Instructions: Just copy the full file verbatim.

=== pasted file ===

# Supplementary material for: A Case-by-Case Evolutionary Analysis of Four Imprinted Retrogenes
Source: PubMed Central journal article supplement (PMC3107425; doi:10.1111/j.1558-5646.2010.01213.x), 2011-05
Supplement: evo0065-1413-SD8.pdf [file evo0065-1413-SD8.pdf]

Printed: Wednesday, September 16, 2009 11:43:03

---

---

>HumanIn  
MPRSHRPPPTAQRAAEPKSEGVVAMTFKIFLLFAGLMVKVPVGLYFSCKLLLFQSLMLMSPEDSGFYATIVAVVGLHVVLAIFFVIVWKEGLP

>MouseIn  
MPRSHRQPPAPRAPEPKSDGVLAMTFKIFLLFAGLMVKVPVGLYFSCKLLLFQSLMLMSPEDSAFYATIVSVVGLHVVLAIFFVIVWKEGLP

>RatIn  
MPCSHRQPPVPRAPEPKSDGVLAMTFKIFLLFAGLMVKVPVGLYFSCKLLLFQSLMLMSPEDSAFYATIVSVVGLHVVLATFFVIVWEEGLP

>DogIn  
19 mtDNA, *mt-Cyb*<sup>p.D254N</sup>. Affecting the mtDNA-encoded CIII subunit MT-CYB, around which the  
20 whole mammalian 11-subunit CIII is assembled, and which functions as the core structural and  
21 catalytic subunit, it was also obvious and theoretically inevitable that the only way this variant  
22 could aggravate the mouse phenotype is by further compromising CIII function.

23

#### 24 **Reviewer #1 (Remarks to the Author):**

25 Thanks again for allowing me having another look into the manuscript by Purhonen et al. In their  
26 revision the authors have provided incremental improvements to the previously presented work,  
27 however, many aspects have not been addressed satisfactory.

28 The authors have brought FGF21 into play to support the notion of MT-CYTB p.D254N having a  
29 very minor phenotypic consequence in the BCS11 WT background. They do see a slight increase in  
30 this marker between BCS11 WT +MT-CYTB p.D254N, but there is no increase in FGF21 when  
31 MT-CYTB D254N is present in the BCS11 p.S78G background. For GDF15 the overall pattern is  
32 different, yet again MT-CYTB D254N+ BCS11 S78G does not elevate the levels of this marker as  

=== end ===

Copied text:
# Supplementary material for: A Case-by-Case Evolutionary Analysis of Four Imprinted Retrogenes
Source: PubMed Central journal article supplement (PMC3107425; doi:10.1111/j.1558-5646.2010.01213.x), 2011-05
Supplement: evo0065-1413-SD8.pdf [file evo0065-1413-SD8.pdf]

Printed: Wednesday, September 16, 2009 11:43:03

---

---

>HumanIn  
MPRSHRPPPTAQRAAEPKSEGVVAMTFKIFLLFAGLMVKVPVGLYFSCKLLLFQSLMLMSPEDSGFYATIVAVVGLHVVLAIFFVIVWKEGLP

>MouseIn  
MPRSHRQPPAPRAPEPKSDGVLAMTFKIFLLFAGLMVKVPVGLYFSCKLLLFQSLMLMSPEDSAFYATIVSVVGLHVVLAIFFVIVWKEGLP

>RatIn  
MPCSHRQPPVPRAPEPKSDGVLAMTFKIFLLFAGLMVKVPVGLYFSCKLLLFQSLMLMSPEDSAFYATIVSVVGLHVVLATFFVIVWEEGLP

>DogIn  
19 mtDNA, *mt-Cyb*<sup>p.D254N</sup>. Affecting the mtDNA-encoded CIII subunit MT-CYB, around which the  
20 whole mammalian 11-subunit CIII is assembled, and which functions as the core structural and  
21 catalytic subunit, it was also obvious and theoretically inevitable that the only way this variant  
22 could aggravate the mouse phenotype is by further compromising CIII function.

23

#### 24 **Reviewer #1 (Remarks to the Author):**

25 Thanks again for allowing me having another look into the manuscript by Purhonen et al. In their  
26 revision the authors have provided incremental improvements to the previously presented work,  
27 however, many aspects have not been addressed satisfactory.

28 The authors have brought FGF21 into play to support the notion of MT-CYTB p.D254N having a  
29 very minor phenotypic consequence in the BCS11 WT background. They do see a slight increase in  
30 this marker between BCS11 WT +MT-CYTB p.D254N, but there is no increase in FGF21 when  
31 MT-CYTB D254N is present in the BCS11 p.S78G background. For GDF15 the overall pattern is  
32 different, yet again MT-CYTB D254N+ BCS11 S78G does not elevate the levels of this marker as  